Whoever controls the Sir Ratan Tata Trust and Sir Dorabji Tata Trust, and their dozen or so allies, holds sway over Tata Sons, the parent company of a vast salt-to-software business empire. He—Ratan Tata is the current chairman of both entities—master of dozens of operational arms such as TCS, Tata Steel, Tata Motors, Tata Power, and Tata Chemicals. Who will be Ratan’s heirs as the next chairman of the trusteeship? Rather, who, among the current saints, loyalists, and outsiders, had the most chance of doing so?

These inquiries are worth at least $275 billion, the combined market capitalization of Tata’s 17 listed companies as of 12 noon on December 2, 2022. Recent changes in regulations governing trusteeships and appointing new trustees signal that a succession strategy is underway. It will be a matter of years or months before we know whether a non-family ‘Tata’, ‘Parsi’ or an outsider will lead the two trusts. But herein lies the catch. Ratan Tata was pressured to separate the positions of Chairman, Putra Tata, and Chair, Tata Trust. Now, the same person cannot occupy both.

The heir to Ratan Tata’s fortune will not be the heir to his business. This opens the door for the continuation and entry of professional chairs at Tata Sons and other operational branches in the future, even as family members or loyalists closely monitor the workings of trusts and conglomerates through the trust’s 66% stake in Tata Sons. This is what Ratan Tata wanted to do when he installed a relative, the late Cyrus Mistry, as the ‘professional’ chairman of Tata Sons. But they fell apart in a bad way, which led to ugly legal and media battles.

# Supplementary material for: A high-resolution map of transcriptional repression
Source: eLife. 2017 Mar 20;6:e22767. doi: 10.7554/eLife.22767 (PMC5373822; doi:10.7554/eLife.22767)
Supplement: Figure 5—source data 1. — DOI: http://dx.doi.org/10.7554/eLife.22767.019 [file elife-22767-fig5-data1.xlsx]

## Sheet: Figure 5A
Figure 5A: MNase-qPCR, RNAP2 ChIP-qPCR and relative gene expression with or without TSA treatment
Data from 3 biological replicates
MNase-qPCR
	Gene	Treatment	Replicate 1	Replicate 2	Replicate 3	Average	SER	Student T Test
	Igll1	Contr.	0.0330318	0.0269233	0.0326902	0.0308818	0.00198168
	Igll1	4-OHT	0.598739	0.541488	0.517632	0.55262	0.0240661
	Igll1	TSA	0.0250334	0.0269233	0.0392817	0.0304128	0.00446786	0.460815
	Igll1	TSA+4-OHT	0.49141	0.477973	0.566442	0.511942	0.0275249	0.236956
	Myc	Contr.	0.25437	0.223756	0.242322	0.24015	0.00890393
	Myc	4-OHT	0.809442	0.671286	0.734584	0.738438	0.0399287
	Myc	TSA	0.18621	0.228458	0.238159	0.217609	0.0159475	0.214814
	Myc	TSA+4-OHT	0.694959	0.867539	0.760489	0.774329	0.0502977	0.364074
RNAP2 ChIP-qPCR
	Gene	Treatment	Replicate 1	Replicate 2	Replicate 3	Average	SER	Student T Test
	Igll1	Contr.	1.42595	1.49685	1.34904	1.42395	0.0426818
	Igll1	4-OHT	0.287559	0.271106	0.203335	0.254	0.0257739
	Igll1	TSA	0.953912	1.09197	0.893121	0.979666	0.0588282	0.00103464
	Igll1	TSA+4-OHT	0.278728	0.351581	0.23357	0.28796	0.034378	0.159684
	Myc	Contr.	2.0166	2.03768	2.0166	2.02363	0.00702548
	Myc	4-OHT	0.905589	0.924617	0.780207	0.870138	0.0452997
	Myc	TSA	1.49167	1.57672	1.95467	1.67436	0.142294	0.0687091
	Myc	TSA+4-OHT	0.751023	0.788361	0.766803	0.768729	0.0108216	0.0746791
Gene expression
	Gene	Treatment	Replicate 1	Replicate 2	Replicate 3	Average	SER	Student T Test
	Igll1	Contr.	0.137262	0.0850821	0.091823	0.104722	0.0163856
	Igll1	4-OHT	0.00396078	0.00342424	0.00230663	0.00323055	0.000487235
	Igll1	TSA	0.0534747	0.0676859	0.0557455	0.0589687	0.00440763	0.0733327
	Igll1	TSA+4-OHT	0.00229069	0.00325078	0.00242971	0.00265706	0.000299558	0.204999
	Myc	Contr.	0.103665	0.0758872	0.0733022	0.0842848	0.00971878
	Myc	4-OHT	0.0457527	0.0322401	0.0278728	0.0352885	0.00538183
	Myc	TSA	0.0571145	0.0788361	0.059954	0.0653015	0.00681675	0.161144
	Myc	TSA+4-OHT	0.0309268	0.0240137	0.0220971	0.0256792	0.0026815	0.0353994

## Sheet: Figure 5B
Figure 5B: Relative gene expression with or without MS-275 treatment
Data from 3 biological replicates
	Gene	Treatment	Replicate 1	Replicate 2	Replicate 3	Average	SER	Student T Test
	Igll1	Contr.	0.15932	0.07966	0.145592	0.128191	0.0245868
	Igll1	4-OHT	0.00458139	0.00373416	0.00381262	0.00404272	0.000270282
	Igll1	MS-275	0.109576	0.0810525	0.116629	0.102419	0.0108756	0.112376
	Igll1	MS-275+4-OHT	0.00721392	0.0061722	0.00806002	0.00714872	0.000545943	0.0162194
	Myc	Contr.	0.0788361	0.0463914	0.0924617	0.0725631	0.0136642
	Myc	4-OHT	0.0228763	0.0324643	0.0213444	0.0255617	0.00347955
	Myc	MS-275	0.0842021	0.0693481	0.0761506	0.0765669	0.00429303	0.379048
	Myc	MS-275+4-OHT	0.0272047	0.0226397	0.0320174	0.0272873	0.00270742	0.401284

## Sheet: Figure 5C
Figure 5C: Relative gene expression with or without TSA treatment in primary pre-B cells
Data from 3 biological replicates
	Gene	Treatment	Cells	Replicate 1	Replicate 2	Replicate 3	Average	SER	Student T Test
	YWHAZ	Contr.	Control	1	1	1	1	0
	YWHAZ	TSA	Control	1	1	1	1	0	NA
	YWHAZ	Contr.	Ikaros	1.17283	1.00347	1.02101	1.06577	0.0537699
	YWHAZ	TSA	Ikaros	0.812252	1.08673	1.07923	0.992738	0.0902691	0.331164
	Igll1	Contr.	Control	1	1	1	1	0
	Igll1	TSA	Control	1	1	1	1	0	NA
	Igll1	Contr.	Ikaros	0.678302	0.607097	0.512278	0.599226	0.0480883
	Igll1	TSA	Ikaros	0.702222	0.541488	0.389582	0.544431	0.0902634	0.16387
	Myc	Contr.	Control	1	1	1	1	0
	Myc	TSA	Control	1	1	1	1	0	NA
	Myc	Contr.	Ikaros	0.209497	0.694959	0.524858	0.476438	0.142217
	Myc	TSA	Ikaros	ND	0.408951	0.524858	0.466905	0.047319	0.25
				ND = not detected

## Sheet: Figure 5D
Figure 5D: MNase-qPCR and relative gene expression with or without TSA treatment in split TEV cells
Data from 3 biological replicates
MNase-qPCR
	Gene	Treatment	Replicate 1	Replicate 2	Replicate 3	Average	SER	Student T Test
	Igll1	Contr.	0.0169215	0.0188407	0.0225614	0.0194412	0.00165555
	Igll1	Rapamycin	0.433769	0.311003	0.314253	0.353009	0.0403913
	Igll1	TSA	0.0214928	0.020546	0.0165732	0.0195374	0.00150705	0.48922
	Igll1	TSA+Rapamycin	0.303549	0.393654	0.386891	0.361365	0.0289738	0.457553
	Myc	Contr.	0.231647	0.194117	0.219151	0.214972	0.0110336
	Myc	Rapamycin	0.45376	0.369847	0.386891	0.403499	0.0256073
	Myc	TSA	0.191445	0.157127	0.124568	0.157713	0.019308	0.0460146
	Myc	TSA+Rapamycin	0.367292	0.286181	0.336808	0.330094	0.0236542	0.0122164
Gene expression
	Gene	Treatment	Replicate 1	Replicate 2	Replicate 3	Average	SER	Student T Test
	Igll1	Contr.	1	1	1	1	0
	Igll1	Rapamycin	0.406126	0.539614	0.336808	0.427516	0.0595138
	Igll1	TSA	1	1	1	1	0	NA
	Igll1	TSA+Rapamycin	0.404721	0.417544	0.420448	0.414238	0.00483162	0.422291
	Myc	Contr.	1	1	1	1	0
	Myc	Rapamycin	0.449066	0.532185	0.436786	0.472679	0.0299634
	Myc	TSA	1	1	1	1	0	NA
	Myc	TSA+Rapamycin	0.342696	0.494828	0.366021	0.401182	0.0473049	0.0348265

Luckily for Ratan Tata, the Supreme Court order in the Tata-Mistry case made her position, and the trusteeship, stronger. The top court ruled that the trustees and their chairman had the right to interfere in the work of Tata Sons. Through one-third of the nominated directors on Tata Sons’ board, the trusteeship can influence important decisions such as five-year and annual strategic plans, future investments, and debt levels. They have affirmative rights—unless a majority of trustee-appointed directors give the nod, the issues raised by the board die naturally. This implies that the trustee could do something similar with the operational arm, whose fate is decided by Tata Sons.

The war with Cyrus shocked Ratan Tata after he stepped down as chairman of Tata Sons, sidelining his half-brother Noel and selecting Mistry as his successor. Now, the family is back. The insider is now important in Ratan’s scheme. Noel is trustee of the Sir Ratan Tata Trust and Sir Dorabji Tata Trust, which together own more than 50% of Tata Sons. He is trustee in two allied trusts, the Bai Hirabai JN Tata Navsari Charitable Institution and the JN Tata Endowment.

Just over a month ago, in a move apparently critical of succession issues, Noel’s three children, daughters Leah and Maya, and son Neville, were sworn in as trustees of the Tata Medical Center Trust, which runs a cancer treatment hospital in Kolkata.